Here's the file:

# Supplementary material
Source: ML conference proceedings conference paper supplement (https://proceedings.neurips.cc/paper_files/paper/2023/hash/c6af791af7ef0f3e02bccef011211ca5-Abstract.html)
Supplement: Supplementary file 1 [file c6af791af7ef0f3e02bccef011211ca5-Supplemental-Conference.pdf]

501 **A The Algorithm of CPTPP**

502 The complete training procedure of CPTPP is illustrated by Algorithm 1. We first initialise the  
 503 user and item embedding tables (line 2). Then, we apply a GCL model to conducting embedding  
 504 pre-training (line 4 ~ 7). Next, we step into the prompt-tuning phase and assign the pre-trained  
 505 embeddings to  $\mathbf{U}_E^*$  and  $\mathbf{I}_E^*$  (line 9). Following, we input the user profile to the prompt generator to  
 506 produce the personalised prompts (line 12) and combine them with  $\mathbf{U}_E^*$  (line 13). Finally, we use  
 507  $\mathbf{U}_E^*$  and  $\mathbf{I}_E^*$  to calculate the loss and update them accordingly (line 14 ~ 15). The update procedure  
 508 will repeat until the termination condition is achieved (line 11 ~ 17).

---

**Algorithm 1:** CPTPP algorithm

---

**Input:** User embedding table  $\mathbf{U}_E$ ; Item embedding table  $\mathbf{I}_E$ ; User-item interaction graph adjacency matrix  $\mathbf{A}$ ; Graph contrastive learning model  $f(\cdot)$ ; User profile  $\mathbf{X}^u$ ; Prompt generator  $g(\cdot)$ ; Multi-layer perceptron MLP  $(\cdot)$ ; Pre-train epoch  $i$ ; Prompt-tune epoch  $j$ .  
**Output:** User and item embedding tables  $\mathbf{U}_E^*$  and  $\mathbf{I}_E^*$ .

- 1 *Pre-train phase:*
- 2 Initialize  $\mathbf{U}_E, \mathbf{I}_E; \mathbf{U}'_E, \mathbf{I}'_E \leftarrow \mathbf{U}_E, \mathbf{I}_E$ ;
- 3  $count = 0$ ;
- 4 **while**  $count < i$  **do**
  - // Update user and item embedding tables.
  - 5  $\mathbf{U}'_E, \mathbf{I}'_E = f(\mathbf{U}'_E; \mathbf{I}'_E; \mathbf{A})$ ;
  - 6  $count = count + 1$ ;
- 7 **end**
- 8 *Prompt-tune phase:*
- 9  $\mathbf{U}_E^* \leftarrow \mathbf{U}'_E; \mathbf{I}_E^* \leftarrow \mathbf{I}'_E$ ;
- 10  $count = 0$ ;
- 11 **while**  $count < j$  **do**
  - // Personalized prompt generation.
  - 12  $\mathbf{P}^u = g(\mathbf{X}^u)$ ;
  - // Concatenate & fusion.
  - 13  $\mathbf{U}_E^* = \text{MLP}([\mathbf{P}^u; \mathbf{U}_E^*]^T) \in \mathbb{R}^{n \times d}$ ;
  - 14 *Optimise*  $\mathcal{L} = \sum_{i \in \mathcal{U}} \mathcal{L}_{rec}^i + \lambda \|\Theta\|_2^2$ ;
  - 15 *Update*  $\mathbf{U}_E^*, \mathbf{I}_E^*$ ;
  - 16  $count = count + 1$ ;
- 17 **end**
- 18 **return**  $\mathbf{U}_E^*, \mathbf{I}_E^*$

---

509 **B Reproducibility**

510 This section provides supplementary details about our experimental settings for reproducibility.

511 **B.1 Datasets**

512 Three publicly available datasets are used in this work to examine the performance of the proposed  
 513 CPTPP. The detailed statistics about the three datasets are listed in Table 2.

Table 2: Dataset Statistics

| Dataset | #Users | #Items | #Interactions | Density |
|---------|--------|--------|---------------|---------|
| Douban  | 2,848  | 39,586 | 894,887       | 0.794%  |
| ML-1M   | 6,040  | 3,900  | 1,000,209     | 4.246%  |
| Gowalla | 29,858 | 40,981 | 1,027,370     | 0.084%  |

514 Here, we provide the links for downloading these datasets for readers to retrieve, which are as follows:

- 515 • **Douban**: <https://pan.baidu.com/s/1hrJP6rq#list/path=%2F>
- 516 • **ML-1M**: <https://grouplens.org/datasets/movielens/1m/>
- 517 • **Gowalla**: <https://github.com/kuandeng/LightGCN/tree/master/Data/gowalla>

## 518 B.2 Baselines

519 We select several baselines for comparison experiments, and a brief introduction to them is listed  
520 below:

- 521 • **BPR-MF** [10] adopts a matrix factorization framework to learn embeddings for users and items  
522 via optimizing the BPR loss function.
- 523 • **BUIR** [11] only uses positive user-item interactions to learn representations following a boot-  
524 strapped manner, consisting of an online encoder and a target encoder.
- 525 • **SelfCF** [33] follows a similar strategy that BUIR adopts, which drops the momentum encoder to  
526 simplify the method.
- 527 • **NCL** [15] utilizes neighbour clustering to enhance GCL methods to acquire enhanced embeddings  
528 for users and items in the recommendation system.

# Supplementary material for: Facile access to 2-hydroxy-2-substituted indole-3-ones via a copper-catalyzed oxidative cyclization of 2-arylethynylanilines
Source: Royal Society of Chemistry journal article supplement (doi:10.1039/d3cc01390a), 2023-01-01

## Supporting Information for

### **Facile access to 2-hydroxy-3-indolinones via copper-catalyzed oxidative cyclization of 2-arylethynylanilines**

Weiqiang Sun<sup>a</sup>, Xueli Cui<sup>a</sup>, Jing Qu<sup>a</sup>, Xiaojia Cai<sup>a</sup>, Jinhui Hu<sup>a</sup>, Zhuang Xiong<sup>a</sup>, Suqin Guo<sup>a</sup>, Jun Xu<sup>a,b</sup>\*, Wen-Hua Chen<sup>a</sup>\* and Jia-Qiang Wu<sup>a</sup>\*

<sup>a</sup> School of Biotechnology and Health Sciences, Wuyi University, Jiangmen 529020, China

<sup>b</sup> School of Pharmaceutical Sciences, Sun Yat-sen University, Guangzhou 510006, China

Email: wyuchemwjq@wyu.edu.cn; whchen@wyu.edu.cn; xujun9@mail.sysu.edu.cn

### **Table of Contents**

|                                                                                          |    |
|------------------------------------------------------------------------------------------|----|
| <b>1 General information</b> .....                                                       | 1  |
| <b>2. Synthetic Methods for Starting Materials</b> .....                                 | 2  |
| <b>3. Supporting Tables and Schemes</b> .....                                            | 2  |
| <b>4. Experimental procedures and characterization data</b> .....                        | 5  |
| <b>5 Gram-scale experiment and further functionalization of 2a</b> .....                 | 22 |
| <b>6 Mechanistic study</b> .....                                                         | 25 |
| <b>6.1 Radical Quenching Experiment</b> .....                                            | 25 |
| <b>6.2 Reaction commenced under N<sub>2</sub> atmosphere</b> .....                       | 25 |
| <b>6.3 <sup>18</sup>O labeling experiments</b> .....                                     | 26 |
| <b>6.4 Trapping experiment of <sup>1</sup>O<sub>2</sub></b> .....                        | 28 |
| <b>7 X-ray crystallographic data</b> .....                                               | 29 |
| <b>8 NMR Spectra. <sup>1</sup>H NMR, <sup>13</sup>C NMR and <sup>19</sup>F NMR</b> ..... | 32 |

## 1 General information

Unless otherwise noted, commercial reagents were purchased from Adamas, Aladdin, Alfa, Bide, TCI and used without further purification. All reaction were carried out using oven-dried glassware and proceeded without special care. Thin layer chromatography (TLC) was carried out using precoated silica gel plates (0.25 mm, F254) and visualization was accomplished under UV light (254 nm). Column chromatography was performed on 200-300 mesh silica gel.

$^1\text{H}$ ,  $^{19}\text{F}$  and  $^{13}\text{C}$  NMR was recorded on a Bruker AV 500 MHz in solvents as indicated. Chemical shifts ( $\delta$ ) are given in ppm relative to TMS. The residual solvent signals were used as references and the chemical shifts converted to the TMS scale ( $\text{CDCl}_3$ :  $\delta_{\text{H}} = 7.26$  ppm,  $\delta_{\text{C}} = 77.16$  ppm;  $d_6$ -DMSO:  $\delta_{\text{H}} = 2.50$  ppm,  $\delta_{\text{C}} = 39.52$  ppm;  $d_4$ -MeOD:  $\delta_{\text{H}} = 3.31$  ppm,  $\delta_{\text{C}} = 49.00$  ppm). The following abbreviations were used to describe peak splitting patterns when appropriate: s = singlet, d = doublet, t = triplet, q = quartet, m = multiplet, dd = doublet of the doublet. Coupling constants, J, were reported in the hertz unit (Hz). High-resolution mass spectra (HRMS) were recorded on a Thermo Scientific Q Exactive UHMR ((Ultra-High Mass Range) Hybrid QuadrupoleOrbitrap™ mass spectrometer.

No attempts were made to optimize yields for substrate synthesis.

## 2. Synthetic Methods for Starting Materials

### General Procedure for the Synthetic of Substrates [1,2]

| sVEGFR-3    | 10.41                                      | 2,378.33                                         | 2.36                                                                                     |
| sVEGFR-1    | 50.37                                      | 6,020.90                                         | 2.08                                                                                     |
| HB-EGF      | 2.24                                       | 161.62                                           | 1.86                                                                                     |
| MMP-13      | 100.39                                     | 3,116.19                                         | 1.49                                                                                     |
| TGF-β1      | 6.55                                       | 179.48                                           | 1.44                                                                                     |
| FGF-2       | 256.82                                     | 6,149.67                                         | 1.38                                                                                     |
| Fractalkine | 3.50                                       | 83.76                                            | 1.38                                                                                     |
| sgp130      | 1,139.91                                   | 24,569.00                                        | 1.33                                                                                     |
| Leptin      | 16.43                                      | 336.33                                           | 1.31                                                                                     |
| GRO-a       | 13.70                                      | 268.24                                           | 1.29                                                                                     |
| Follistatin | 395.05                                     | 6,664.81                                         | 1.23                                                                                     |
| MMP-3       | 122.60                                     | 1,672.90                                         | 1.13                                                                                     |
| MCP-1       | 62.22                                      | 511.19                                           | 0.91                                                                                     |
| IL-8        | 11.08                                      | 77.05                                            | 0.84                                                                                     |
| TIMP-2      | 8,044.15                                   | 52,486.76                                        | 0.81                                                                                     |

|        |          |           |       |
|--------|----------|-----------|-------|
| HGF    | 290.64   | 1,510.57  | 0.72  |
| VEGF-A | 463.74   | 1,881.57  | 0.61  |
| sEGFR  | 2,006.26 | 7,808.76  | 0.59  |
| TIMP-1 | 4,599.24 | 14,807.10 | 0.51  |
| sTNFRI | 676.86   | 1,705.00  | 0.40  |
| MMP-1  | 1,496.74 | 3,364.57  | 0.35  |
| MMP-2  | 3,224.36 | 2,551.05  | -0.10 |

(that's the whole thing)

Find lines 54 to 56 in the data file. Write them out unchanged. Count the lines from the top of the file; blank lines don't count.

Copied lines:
## 518 B.2 Baselines

519 We select several baselines for comparison experiments, and a brief introduction to them is listed  
520 below: